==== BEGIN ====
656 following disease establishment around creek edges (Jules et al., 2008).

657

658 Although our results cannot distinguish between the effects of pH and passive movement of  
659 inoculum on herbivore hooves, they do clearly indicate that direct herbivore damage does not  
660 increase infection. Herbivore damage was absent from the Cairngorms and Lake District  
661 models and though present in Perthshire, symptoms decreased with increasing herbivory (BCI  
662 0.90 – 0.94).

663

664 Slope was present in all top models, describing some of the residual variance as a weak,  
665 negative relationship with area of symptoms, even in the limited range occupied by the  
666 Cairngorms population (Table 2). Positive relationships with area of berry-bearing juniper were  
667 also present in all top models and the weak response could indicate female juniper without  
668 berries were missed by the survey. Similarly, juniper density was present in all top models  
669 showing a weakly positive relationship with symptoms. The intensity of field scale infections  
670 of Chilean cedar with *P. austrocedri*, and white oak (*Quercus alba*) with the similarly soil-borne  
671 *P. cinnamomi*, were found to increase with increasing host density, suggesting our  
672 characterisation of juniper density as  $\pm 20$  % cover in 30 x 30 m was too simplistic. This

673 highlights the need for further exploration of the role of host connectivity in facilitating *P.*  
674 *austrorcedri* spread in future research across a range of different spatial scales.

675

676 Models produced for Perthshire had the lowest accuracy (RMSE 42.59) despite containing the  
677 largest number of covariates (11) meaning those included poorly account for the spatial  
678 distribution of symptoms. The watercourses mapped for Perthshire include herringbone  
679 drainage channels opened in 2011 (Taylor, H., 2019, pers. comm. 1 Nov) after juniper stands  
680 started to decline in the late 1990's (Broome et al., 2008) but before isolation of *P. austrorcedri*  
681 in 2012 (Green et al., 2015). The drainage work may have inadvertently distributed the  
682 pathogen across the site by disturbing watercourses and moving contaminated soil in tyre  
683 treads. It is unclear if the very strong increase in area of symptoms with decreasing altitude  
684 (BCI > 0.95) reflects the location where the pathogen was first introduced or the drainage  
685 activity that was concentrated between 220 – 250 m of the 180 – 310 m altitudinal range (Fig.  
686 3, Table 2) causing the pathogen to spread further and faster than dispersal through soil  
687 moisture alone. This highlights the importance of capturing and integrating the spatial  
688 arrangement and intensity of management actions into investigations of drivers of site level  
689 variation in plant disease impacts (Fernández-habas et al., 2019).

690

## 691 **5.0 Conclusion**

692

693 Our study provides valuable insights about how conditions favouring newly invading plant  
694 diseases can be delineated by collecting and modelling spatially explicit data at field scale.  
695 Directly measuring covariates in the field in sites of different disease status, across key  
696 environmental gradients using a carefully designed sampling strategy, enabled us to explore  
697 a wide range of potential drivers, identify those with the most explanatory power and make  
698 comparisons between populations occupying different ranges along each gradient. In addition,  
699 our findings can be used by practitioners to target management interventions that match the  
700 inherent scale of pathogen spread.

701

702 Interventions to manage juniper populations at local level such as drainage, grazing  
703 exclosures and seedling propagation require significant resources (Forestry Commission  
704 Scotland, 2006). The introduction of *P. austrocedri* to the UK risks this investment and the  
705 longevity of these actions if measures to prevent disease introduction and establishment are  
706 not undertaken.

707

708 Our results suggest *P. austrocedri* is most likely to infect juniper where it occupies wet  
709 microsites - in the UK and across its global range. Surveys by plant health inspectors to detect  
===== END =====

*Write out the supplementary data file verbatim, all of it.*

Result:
656 following disease establishment around creek edges (Jules et al., 2008).

657

658 Although our results cannot distinguish between the effects of pH and passive movement of  
659 inoculum on herbivore hooves, they do clearly indicate that direct herbivore damage does not  
660 increase infection. Herbivore damage was absent from the Cairngorms and Lake District  
661 models and though present in Perthshire, symptoms decreased with increasing herbivory (BCI  
662 0.90 – 0.94).

663

664 Slope was present in all top models, describing some of the residual variance as a weak,  
665 negative relationship with area of symptoms, even in the limited range occupied by the  
666 Cairngorms population (Table 2). Positive relationships with area of berry-bearing juniper were  
667 also present in all top models and the weak response could indicate female juniper without  
668 berries were missed by the survey. Similarly, juniper density was present in all top models  
669 showing a weakly positive relationship with symptoms. The intensity of field scale infections  
670 of Chilean cedar with *P. austrocedri*, and white oak (*Quercus alba*) with the similarly soil-borne  
671 *P. cinnamomi*, were found to increase with increasing host density, suggesting our  
672 characterisation of juniper density as  $\pm 20$  % cover in 30 x 30 m was too simplistic. This

673 highlights the need for further exploration of the role of host connectivity in facilitating *P.*  
674 *austrorcedri* spread in future research across a range of different spatial scales.

675

676 Models produced for Perthshire had the lowest accuracy (RMSE 42.59) despite containing the  
677 largest number of covariates (11) meaning those included poorly account for the spatial  
678 distribution of symptoms. The watercourses mapped for Perthshire include herringbone  
679 drainage channels opened in 2011 (Taylor, H., 2019, pers. comm. 1 Nov) after juniper stands  
680 started to decline in the late 1990's (Broome et al., 2008) but before isolation of *P. austrorcedri*  
681 in 2012 (Green et al., 2015). The drainage work may have inadvertently distributed the  
682 pathogen across the site by disturbing watercourses and moving contaminated soil in tyre  
683 treads. It is unclear if the very strong increase in area of symptoms with decreasing altitude  
684 (BCI > 0.95) reflects the location where the pathogen was first introduced or the drainage  
685 activity that was concentrated between 220 – 250 m of the 180 – 310 m altitudinal range (Fig.  
686 3, Table 2) causing the pathogen to spread further and faster than dispersal through soil  
687 moisture alone. This highlights the importance of capturing and integrating the spatial  
688 arrangement and intensity of management actions into investigations of drivers of site level  
689 variation in plant disease impacts (Fernández-habas et al., 2019).

690

## 691 **5.0 Conclusion**

692

693 Our study provides valuable insights about how conditions favouring newly invading plant  
694 diseases can be delineated by collecting and modelling spatially explicit data at field scale.  
695 Directly measuring covariates in the field in sites of different disease status, across key  
696 environmental gradients using a carefully designed sampling strategy, enabled us to explore  
697 a wide range of potential drivers, identify those with the most explanatory power and make  
698 comparisons between populations occupying different ranges along each gradient. In addition,  
699 our findings can be used by practitioners to target management interventions that match the  
700 inherent scale of pathogen spread.

701

702 Interventions to manage juniper populations at local level such as drainage, grazing  
703 exclosures and seedling propagation require significant resources (Forestry Commission  
704 Scotland, 2006). The introduction of *P. austrocedri* to the UK risks this investment and the  
705 longevity of these actions if measures to prevent disease introduction and establishment are  
706 not undertaken.

707

708 Our results suggest *P. austrocedri* is most likely to infect juniper where it occupies wet  
709 microsites - in the UK and across its global range. Surveys by plant health inspectors to detect  